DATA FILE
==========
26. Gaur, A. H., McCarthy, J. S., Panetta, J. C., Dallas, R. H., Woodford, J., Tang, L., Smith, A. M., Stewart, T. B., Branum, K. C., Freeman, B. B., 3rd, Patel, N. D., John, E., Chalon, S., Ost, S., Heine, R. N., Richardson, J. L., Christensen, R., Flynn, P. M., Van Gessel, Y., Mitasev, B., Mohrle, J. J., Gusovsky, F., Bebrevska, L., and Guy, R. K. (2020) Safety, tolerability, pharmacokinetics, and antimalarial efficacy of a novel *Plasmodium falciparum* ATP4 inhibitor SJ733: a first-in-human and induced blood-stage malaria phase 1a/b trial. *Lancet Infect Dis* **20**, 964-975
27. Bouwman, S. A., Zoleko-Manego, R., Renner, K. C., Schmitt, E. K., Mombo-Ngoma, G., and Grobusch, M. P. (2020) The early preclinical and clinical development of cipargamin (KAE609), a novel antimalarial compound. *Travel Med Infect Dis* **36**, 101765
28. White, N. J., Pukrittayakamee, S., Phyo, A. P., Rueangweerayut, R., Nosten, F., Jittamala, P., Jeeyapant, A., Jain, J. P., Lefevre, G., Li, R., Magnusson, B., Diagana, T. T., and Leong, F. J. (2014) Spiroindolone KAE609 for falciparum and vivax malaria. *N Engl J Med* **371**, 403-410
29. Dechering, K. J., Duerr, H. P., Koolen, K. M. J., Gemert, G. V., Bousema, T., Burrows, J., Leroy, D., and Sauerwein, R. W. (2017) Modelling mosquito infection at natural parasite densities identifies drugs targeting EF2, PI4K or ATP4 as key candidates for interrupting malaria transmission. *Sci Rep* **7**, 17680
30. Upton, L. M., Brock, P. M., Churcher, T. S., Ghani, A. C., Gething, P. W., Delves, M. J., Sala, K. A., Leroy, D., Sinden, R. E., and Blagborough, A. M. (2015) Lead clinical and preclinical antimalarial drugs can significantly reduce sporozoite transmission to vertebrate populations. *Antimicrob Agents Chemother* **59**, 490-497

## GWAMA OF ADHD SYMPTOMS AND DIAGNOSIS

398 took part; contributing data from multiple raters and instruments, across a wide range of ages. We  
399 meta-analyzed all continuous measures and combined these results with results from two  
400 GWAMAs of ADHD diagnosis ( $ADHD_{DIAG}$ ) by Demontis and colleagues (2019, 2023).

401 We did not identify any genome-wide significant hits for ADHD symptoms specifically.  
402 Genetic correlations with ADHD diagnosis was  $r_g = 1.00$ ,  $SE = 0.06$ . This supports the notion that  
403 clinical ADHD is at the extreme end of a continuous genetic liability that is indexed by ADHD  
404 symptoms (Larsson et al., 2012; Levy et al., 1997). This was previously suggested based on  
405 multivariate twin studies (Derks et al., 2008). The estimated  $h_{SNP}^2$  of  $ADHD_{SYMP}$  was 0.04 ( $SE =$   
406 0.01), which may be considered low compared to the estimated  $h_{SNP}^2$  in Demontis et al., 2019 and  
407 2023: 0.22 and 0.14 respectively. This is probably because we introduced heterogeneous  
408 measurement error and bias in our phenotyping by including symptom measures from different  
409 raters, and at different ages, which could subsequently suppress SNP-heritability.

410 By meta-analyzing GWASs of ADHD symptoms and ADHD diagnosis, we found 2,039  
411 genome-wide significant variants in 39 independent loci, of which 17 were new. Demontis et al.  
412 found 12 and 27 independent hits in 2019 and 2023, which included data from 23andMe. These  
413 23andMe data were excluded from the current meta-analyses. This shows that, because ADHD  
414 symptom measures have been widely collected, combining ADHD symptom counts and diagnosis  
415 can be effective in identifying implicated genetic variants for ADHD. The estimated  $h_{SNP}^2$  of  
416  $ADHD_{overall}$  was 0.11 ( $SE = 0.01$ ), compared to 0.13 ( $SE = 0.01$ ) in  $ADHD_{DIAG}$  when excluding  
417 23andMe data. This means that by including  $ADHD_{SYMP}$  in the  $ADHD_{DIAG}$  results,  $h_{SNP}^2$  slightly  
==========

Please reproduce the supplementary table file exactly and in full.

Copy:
26. Gaur, A. H., McCarthy, J. S., Panetta, J. C., Dallas, R. H., Woodford, J., Tang, L., Smith, A. M., Stewart, T. B., Branum, K. C., Freeman, B. B., 3rd, Patel, N. D., John, E., Chalon, S., Ost, S., Heine, R. N., Richardson, J. L., Christensen, R., Flynn, P. M., Van Gessel, Y., Mitasev, B., Mohrle, J. J., Gusovsky, F., Bebrevska, L., and Guy, R. K. (2020) Safety, tolerability, pharmacokinetics, and antimalarial efficacy of a novel *Plasmodium falciparum* ATP4 inhibitor SJ733: a first-in-human and induced blood-stage malaria phase 1a/b trial. *Lancet Infect Dis* **20**, 964-975
27. Bouwman, S. A., Zoleko-Manego, R., Renner, K. C., Schmitt, E. K., Mombo-Ngoma, G., and Grobusch, M. P. (2020) The early preclinical and clinical development of cipargamin (KAE609), a novel antimalarial compound. *Travel Med Infect Dis* **36**, 101765
28. White, N. J., Pukrittayakamee, S., Phyo, A. P., Rueangweerayut, R., Nosten, F., Jittamala, P., Jeeyapant, A., Jain, J. P., Lefevre, G., Li, R., Magnusson, B., Diagana, T. T., and Leong, F. J. (2014) Spiroindolone KAE609 for falciparum and vivax malaria. *N Engl J Med* **371**, 403-410
29. Dechering, K. J., Duerr, H. P., Koolen, K. M. J., Gemert, G. V., Bousema, T., Burrows, J., Leroy, D., and Sauerwein, R. W. (2017) Modelling mosquito infection at natural parasite densities identifies drugs targeting EF2, PI4K or ATP4 as key candidates for interrupting malaria transmission. *Sci Rep* **7**, 17680
30. Upton, L. M., Brock, P. M., Churcher, T. S., Ghani, A. C., Gething, P. W., Delves, M. J., Sala, K. A., Leroy, D., Sinden, R. E., and Blagborough, A. M. (2015) Lead clinical and preclinical antimalarial drugs can significantly reduce sporozoite transmission to vertebrate populations. *Antimicrob Agents Chemother* **59**, 490-497

## GWAMA OF ADHD SYMPTOMS AND DIAGNOSIS

398 took part; contributing data from multiple raters and instruments, across a wide range of ages. We  
399 meta-analyzed all continuous measures and combined these results with results from two  
400 GWAMAs of ADHD diagnosis ( $ADHD_{DIAG}$ ) by Demontis and colleagues (2019, 2023).

401 We did not identify any genome-wide significant hits for ADHD symptoms specifically.  
402 Genetic correlations with ADHD diagnosis was  $r_g = 1.00$ ,  $SE = 0.06$ . This supports the notion that  
403 clinical ADHD is at the extreme end of a continuous genetic liability that is indexed by ADHD  
404 symptoms (Larsson et al., 2012; Levy et al., 1997). This was previously suggested based on  
405 multivariate twin studies (Derks et al., 2008). The estimated  $h_{SNP}^2$  of  $ADHD_{SYMP}$  was 0.04 ( $SE =$   
406 0.01), which may be considered low compared to the estimated  $h_{SNP}^2$  in Demontis et al., 2019 and  
407 2023: 0.22 and 0.14 respectively. This is probably because we introduced heterogeneous  
408 measurement error and bias in our phenotyping by including symptom measures from different  
409 raters, and at different ages, which could subsequently suppress SNP-heritability.

410 By meta-analyzing GWASs of ADHD symptoms and ADHD diagnosis, we found 2,039  
411 genome-wide significant variants in 39 independent loci, of which 17 were new. Demontis et al.  
412 found 12 and 27 independent hits in 2019 and 2023, which included data from 23andMe. These  
413 23andMe data were excluded from the current meta-analyses. This shows that, because ADHD  
414 symptom measures have been widely collected, combining ADHD symptom counts and diagnosis  
415 can be effective in identifying implicated genetic variants for ADHD. The estimated  $h_{SNP}^2$  of  
416  $ADHD_{overall}$  was 0.11 ( $SE = 0.01$ ), compared to 0.13 ( $SE = 0.01$ ) in  $ADHD_{DIAG}$  when excluding  
417 23andMe data. This means that by including  $ADHD_{SYMP}$  in the  $ADHD_{DIAG}$  results,  $h_{SNP}^2$  slightly  